Mon, Nov 07, 2005 - Page 8 News List

Moderation needed in fight versus avian flu

By Kurtis Pei and Young Ching-hsiang 裴家騏、楊晴翔

A few days ago, the Council of Agriculture's Bureau of Animal and Plant Health Inspection and Quarantine issued a statement saying that on Oct. 14, the Coast Guard Administration of Taiwan seized several cages of birds that had been smuggled from China.

Out of these seized birds, a total of 1,037 -- from 19 different species -- tested positive for the deadly H5N1 avian flu virus.

All the smuggled birds were destroyed immediately after the laboratory tests, as the bureau believed that it was necessary to take such precautions in preventing the virus from entering Taiwan.

With the nightmare of a possible outbreak of avian flu caused by wild birds looming, many Taiwanese are in favor of the government's scorched earth policy, which would rather kill 100 birds than allow a single H5N1-infected bird to go free.

However, as environmental activists, we believe that this kind of policy is totally inappropriate.

This is especially true in the case of endangered species. We advocate that the government should carry out any bird flu prevention measures in a restrained fashion, as this is the only way that uninfected endangered birds can be saved from unnecessary slaughter.

Our suggestion for front-line law enforcement workers is: when smuggled birds are found, they should first check whether the birds are listed as endangered species.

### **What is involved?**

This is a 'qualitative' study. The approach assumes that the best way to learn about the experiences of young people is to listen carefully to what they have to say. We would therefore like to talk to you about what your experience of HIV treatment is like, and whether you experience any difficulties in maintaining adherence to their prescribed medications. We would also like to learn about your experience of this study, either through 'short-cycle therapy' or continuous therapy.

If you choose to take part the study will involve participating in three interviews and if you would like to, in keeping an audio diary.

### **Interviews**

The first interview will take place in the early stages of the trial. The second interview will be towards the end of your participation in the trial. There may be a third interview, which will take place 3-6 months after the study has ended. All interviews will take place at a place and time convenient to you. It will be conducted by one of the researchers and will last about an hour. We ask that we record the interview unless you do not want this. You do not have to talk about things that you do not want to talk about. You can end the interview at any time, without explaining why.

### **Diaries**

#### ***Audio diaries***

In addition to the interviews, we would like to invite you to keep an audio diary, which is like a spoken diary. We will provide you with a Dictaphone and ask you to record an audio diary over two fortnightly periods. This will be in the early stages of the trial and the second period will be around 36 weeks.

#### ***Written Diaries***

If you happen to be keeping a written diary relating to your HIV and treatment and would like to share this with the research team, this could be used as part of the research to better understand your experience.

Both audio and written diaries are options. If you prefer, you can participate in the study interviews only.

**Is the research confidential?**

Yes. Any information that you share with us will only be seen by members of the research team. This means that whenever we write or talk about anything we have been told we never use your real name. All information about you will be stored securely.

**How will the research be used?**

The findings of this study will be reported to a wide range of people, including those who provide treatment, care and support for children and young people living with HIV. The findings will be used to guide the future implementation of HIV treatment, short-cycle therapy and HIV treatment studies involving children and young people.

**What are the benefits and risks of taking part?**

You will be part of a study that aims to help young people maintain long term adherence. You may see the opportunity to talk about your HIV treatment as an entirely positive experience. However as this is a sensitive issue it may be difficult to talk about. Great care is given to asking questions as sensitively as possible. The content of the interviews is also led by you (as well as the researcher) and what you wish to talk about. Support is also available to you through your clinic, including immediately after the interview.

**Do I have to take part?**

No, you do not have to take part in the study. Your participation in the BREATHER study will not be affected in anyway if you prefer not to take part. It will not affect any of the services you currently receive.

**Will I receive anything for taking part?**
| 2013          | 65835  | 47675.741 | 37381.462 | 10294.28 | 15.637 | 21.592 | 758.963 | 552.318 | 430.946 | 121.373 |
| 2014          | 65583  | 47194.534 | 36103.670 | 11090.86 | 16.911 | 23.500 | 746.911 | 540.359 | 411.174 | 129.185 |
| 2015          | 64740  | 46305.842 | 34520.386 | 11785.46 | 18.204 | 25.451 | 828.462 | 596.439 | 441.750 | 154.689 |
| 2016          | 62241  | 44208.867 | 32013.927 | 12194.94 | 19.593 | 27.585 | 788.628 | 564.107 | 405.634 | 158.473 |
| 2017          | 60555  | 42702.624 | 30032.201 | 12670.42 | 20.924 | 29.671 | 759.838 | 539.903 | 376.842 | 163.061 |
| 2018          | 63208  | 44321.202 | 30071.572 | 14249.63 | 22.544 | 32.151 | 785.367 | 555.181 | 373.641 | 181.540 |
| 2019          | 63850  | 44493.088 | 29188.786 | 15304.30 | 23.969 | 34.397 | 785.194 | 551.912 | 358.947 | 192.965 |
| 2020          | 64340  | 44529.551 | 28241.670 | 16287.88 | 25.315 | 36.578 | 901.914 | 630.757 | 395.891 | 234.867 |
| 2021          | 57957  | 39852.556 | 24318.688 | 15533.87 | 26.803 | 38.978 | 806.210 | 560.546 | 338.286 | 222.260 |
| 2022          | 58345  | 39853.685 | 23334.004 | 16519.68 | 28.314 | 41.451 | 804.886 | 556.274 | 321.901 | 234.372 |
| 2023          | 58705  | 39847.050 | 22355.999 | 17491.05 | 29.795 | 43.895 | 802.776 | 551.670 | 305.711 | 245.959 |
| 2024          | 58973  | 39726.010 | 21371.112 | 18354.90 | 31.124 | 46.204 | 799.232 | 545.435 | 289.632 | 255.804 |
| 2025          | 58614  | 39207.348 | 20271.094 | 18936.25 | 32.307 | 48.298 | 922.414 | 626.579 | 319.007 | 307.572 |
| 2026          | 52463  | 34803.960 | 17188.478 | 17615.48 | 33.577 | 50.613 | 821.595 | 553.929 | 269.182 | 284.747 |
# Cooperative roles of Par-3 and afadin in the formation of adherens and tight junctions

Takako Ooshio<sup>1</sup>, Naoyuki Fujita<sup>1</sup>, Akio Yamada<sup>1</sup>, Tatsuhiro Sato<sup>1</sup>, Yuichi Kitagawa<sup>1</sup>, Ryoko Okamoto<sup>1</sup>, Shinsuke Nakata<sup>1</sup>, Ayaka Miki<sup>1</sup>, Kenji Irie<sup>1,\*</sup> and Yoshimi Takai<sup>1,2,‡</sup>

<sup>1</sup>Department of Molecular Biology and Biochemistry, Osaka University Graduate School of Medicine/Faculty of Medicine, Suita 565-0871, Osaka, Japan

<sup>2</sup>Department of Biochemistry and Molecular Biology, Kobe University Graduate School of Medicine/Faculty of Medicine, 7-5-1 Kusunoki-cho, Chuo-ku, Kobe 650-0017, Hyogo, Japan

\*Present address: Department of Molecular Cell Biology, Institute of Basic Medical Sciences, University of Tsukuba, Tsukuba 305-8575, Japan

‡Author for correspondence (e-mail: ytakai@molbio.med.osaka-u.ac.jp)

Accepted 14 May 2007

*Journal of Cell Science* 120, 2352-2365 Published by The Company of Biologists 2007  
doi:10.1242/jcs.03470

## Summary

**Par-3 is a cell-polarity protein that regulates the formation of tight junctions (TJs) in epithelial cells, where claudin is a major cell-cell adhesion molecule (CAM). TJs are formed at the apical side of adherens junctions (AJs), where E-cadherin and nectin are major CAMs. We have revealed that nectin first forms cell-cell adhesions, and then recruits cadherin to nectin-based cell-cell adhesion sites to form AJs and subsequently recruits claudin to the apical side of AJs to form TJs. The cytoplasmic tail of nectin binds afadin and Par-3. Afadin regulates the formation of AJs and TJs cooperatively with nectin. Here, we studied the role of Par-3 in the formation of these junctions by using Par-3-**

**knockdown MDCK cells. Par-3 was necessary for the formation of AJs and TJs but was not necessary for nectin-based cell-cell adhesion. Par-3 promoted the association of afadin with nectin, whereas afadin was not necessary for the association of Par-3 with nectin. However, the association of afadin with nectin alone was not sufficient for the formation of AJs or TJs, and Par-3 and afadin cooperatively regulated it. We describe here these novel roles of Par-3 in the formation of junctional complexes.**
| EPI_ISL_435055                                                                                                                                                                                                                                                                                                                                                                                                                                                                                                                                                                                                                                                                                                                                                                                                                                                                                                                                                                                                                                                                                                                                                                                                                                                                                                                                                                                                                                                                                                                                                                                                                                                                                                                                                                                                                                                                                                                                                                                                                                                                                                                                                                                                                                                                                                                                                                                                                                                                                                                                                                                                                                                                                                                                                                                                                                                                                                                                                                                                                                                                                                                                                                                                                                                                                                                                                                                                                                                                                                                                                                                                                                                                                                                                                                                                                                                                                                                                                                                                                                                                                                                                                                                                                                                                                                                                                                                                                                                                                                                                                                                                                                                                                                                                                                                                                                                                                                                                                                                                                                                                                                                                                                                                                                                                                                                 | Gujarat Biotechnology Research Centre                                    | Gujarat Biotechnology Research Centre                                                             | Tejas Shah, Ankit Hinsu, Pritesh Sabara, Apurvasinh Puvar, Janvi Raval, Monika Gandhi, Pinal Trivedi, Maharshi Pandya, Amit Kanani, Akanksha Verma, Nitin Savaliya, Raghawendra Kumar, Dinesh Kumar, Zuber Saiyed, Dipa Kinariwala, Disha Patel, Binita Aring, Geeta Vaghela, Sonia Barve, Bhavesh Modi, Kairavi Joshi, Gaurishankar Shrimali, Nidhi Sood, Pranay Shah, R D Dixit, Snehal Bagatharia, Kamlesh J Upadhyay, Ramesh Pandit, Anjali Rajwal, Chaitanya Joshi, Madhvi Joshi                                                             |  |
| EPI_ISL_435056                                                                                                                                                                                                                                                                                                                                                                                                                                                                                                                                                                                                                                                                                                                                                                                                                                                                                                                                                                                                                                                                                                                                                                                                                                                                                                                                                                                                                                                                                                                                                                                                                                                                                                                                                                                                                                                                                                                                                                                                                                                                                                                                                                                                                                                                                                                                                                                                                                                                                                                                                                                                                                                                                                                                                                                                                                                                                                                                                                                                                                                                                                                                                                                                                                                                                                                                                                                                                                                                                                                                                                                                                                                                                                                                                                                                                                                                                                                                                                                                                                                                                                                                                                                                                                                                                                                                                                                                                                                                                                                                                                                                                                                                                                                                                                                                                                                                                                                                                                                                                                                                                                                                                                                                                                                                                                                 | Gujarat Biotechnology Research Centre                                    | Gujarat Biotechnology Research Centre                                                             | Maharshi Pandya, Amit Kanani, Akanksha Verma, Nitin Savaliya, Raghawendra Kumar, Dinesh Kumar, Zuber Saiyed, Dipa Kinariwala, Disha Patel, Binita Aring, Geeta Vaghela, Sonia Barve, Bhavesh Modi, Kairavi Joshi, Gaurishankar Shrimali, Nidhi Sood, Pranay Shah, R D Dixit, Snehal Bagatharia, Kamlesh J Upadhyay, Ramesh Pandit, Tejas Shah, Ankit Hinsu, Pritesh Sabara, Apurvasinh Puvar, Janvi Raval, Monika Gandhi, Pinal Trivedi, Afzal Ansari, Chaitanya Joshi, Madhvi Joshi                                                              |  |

If so, the birds should be placed in an isolation ward rather than designated for immediate extermination.

If law enforcement authorities have difficulty in distinguishing which birds are endangered species, we suggest that they take digital photographs of the birds and then send the photographs to the relevant academic institutions for identification.

The government can easily designate a small section of the facilities currently used for inspecting and quarantining imported animals for endangered bird species only.

The whole planet is on guard against avian flu, but these operations cannot be carried out without consideration for the lives of endangered species, especially when humans are still capable of protecting them.

There are rumors circulating that some are calling for a mass slaughter of the migratory birds that usually spend winter in Taiwan.

If such reports are true, a catastrophic slaughter of these birds is inevitable.

In fact, relevant disease control institutions have adopted precautionary measures to prevent and control a possible outbreak of avian flu by monitoring migratory and wild birds in Taiwan on an on-going basis. As of today, Taiwan remains virus-free.

We hope that the government can face up to a possible bird flu epidemic in a rational fashion, and tackle any subsequent outbreaks in a professional manner.

Kurtis Pei is a professor and Young Ching-hsiang is a graduate student at the Institute of Wildlife Conservation at National Pingtung University.


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